Sensitive information filters – You can detect sensitive content such as PII or custom regular expression (regex) entities in user inputs and FM responses. Based on the use case, you can reject inputs containing sensitive information or redact them in FM responses. For example, you can redact users’ personal information while generating summaries from customer and agent conversation transcripts.

For more information on the available options and detailed explanations, see Components of a guardrail.You can also refer to Guardrails for Amazon Bedrock with safety filters and privacy controls.

You can use Guardrails for Amazon Bedrock with all LLMs available on Amazon Bedrock, as well as with fine-tuned models and Agents for Amazon Bedrock. For more details about supported AWS Regions and models, see Supported regions and models for Guardrails for Amazon Bedrock.

Keywords, patterns, and regular expressions

The heuristic approach for external guardrails in LLM chatbots applies rule-based shortcuts to quickly manage interactions, prioritizing speed and efficiency over precision and comprehensive coverage. Key components include:

Keywords and patterns – Using specific keywords and patterns to invoke predefined responses
Regular expressions – Using regex for pattern recognition and response adjustments

An open source framework (among many) is LLM Guard, which implements the Regex Scanner. This scanner is designed to sanitize prompts based on predefined regular expression patterns. It offers flexibility in defining patterns to identify and process desirable or undesirable content within the prompts.

Amazon Comprehend

To prevent undesirable outputs, you can use also use Amazon Comprehend to derive insights from text and classify topics or intent in the prompt a user submits (prompt classification) as well as the LLM responses (response classification). You can build such a model from scratch, use open source models, or use pre-built offerings such as Amazon Comprehend—a natural language processing (NLP) service that uses machine learning (ML) to uncover valuable insights and connections in text. Amazon Comprehend contains a user-friendly, cost-effective, fast, and customizable trust and safety feature that covers the following:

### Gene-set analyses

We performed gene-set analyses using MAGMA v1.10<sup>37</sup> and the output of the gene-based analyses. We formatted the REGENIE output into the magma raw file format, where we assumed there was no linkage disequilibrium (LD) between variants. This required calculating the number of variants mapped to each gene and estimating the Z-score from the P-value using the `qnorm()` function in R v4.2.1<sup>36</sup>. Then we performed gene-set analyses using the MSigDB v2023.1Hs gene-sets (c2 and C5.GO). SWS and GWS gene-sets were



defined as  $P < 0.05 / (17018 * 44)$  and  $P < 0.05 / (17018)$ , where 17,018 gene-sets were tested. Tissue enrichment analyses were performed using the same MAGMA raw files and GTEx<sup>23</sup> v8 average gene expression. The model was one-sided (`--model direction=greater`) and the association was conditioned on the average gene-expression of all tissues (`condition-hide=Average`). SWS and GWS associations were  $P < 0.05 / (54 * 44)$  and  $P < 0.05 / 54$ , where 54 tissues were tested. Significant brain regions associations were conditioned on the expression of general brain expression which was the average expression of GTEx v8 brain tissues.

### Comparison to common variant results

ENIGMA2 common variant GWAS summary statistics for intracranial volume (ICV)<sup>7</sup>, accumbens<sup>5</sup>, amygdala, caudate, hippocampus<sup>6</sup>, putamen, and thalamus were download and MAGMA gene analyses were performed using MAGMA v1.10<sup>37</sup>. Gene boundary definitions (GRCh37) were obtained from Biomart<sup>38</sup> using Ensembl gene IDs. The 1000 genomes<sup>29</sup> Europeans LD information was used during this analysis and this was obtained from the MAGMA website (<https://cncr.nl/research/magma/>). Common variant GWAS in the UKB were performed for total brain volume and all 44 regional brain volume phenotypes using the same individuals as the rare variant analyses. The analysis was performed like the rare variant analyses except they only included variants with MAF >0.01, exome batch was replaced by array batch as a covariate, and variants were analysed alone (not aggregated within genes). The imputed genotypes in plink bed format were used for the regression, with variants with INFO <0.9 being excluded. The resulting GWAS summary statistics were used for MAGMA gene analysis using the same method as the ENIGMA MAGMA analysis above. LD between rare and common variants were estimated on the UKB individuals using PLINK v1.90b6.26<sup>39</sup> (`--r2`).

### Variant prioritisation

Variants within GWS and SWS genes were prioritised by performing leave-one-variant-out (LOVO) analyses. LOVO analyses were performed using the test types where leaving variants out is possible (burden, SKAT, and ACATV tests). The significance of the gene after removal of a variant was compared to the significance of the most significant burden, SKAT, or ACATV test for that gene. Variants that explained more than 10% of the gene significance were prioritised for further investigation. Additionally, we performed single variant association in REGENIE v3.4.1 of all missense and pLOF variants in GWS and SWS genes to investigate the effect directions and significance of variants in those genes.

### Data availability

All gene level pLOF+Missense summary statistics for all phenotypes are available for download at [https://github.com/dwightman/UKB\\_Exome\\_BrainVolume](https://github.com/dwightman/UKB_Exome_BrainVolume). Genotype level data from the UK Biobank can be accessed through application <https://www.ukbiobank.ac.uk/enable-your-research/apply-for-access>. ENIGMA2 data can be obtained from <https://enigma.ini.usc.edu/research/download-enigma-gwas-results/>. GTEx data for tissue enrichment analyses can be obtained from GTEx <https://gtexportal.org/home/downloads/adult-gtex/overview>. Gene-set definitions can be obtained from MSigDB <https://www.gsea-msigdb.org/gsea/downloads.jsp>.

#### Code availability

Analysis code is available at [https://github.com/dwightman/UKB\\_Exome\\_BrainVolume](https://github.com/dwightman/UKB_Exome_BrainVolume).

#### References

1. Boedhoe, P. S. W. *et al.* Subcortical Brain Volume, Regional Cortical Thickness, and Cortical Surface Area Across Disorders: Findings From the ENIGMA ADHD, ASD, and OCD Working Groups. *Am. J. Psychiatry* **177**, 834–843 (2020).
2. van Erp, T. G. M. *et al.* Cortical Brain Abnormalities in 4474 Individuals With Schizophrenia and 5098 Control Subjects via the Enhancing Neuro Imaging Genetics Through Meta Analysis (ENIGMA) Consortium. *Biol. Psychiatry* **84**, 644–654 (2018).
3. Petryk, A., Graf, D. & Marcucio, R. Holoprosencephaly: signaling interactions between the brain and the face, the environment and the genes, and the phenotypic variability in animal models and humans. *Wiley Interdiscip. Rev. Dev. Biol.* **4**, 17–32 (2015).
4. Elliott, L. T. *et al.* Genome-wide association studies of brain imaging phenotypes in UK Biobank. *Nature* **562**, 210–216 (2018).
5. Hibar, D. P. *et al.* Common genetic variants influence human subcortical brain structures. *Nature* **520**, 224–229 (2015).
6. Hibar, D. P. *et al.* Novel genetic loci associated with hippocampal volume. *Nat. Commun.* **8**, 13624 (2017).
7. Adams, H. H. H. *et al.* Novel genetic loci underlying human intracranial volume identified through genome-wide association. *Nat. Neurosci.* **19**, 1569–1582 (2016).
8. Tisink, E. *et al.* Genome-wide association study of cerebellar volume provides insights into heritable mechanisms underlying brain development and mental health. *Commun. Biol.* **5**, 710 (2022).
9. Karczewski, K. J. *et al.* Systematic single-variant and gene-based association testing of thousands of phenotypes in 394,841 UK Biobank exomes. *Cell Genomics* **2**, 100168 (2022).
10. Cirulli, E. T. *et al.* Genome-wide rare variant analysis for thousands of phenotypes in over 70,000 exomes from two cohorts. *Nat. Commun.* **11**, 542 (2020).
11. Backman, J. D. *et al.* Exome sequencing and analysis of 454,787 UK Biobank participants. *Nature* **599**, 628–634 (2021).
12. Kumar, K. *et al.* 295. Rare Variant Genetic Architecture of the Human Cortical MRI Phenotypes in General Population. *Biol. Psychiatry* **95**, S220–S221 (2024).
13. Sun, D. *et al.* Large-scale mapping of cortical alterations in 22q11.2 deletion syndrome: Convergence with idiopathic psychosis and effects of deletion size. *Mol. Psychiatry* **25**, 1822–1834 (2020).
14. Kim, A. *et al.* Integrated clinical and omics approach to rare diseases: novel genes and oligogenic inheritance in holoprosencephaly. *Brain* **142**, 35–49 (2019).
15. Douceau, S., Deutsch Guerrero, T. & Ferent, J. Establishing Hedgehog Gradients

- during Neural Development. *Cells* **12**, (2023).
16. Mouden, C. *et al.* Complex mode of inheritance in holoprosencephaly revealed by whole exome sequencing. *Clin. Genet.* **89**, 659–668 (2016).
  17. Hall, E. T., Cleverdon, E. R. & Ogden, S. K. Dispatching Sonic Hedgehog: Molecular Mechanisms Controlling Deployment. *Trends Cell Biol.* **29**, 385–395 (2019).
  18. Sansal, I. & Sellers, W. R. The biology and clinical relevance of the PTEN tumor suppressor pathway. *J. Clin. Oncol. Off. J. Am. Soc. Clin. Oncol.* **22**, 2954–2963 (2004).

Toxicity detection – Detect content that may be harmful, offensive, or inappropriate. Examples include hate speech, threats, or abuse.
Intent classification – Detect content that has explicit or implicit malicious intent. Examples include discriminatory or illegal content, and more.
Privacy protection – Detect and redact PII that users may have inadvertently revealed or provided.

Refer to Build trust and safety for generative AI applications with Amazon Comprehend and LangChain, in which we discuss new features powered by Amazon Comprehend that enable seamless integration to provide data privacy, content safety, and prompt safety in new and existing generative AI applications.

Additionally, refer to Llama Guard is now available in Amazon SageMaker JumpStart, where we walk through how to deploy the Llama Guard model in Amazon SageMaker JumpStart and build responsible generative AI solutions.

NVIDIA NeMo with Amazon Bedrock

NVIDIA’s NeMo is an open-source toolkit that provides programmable guardrails for conversational AI systems powered by LLMs. The following notebook demonstrates the integration of NeMo with Amazon Bedrock.

Key aspects of NeMo include:

Fact-checking rail – Verifies accuracy against trusted data sources to maintain reliability. This is crucial for scenarios requiring precise information like healthcare or financials
Hallucination rail – Prevents generating responses based on false or non-existent information to maintain conversation integrity.
Jailbreaking rail – Restricts the LLM from deviating outside of predefined conversational bounds.